Religious Persecution in Russia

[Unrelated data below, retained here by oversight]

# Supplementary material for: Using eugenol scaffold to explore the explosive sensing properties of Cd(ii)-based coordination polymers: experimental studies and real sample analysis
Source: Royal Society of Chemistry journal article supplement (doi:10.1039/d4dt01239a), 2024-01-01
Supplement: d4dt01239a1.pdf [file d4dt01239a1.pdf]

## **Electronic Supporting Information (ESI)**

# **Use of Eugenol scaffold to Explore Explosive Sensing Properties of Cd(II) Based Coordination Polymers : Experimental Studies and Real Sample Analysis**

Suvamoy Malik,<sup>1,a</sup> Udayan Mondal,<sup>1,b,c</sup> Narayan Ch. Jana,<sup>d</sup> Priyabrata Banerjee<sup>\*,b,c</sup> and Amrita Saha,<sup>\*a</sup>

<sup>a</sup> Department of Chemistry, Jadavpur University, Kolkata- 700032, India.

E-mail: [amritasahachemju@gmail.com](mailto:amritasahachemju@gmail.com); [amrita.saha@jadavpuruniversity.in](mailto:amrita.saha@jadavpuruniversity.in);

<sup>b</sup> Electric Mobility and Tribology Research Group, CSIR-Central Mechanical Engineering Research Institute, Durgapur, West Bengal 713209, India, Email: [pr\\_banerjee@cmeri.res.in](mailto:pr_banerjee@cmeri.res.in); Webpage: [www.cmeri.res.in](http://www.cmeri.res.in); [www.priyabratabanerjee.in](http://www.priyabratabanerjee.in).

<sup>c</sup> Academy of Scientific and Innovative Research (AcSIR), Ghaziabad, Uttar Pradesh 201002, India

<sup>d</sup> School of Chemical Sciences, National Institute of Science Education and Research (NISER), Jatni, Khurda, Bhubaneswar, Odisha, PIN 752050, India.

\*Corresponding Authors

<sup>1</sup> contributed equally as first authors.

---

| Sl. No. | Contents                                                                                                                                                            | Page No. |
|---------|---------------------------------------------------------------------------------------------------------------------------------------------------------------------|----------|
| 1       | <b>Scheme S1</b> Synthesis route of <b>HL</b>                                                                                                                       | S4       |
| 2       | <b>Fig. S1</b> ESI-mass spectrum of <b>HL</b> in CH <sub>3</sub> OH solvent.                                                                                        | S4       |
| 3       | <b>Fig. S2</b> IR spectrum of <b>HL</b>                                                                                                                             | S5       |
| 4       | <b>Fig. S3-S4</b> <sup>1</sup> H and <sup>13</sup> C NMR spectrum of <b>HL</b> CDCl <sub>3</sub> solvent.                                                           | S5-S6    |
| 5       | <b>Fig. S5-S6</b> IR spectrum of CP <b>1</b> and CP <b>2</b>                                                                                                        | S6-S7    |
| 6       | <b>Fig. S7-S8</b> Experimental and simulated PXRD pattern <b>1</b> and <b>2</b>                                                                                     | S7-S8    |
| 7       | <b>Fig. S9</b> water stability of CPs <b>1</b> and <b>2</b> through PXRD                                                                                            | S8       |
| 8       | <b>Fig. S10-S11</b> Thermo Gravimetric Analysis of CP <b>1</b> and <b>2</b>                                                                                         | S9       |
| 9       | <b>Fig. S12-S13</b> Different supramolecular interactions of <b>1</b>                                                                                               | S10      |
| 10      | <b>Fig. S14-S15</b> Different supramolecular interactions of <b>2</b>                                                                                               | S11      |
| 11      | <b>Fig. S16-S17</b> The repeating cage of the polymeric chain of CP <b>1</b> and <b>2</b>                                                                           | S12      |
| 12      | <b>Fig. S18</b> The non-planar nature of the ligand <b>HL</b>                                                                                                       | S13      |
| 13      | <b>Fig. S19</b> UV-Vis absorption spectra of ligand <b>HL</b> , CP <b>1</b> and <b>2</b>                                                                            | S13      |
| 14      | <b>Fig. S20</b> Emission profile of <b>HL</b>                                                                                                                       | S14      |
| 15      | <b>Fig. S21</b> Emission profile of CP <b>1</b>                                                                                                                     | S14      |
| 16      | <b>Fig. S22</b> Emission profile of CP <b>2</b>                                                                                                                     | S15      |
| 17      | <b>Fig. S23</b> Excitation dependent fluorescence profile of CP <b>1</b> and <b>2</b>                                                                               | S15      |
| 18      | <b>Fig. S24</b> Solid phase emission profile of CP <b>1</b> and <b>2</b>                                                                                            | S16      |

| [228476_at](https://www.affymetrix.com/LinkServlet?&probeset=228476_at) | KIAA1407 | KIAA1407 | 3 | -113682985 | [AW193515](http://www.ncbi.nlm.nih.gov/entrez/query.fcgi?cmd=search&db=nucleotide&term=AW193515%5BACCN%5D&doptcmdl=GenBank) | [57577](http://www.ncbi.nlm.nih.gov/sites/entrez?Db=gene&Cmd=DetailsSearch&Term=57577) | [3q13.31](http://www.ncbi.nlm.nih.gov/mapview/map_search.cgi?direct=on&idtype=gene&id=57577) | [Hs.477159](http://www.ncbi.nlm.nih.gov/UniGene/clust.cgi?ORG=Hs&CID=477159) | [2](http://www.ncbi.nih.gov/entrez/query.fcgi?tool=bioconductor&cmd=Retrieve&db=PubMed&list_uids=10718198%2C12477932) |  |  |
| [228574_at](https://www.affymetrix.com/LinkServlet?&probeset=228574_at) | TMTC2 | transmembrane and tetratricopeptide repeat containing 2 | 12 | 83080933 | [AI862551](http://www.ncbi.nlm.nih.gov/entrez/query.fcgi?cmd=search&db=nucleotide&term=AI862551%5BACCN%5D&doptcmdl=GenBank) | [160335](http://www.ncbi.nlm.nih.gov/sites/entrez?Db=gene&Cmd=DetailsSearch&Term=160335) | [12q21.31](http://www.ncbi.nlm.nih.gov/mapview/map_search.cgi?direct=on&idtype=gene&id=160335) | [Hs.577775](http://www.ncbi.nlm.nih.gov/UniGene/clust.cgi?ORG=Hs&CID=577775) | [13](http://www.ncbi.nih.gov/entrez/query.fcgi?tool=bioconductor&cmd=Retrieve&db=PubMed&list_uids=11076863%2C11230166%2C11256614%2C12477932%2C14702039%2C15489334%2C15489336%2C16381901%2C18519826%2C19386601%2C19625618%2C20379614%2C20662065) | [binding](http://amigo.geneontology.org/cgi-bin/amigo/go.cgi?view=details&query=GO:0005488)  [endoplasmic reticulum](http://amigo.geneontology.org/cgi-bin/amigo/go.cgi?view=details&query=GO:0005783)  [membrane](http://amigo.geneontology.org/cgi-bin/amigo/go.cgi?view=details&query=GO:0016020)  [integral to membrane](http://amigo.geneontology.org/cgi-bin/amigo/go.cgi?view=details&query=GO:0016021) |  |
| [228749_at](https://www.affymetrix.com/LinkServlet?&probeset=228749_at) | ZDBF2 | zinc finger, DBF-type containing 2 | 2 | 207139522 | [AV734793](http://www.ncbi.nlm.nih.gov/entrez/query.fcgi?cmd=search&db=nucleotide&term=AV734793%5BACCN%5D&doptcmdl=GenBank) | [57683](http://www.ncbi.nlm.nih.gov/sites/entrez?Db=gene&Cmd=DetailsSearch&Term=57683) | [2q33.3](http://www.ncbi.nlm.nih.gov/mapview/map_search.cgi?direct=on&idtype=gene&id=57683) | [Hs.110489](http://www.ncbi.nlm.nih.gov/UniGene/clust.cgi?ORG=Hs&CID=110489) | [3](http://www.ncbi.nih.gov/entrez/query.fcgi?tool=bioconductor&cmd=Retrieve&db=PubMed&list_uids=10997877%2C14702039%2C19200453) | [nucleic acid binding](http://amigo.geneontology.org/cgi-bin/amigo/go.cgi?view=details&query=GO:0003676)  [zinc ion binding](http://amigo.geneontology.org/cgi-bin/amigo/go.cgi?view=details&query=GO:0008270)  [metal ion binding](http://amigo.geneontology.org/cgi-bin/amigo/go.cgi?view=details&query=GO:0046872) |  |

Russia’s Supreme Court Begins High-Profile Case Against Jehovah’s Witnesses NEW YORK—Today, the Supreme Court of the Russian Federation began consideration of a claim from the Ministry of Justice to liquidate the Administrative Center of Jehovah’s Witnesses in Russia. The Court announced a recess, and the hearing will resume Thursday, April 6, 2017, at 2:00 p.m. The Witnesses had filed a counterclaim with the Court on March 30, 2017, against the Ministry of Justice. Today, however, the counterclaim was dismissed by the Court prior to the recess of the hearing. The Court also refused to allow experts to testify about the basis for the claim of the Ministry of Justice and refused to allow those who witnessed the falsification of evidence against local religious organizations of Jehovah’s Witnesses to testify. The high-profile nature of the case is sparking coverage by international news outlets, including an article in Time magazine posted online on April 4 (“Russian Supreme Court Considers Outlawing Jehovah’s Witness Worship”) and a front-page article in the print edition of The New York Times (“Pacifist, Christian and Threatened by Russian Ban as ‘Extremist’”) on April 5. “We certainly hope that Russia’s Supreme Court will uphold the rights of our fellow believers in Russia to freely carry out their peaceful worship,” adds David A. Semonian, a spokesman at the Witnesses’ world headquarters in New York. “Millions of people around the world will be watching carefully to see how the case progresses and if Russia acts to protect its own law-abiding citizens who are Jehovah’s Witnesses.” https://www.jw.org/en/news/releases/by-region/russia/supreme-court-begins-case-against-jehovahs-witnesses/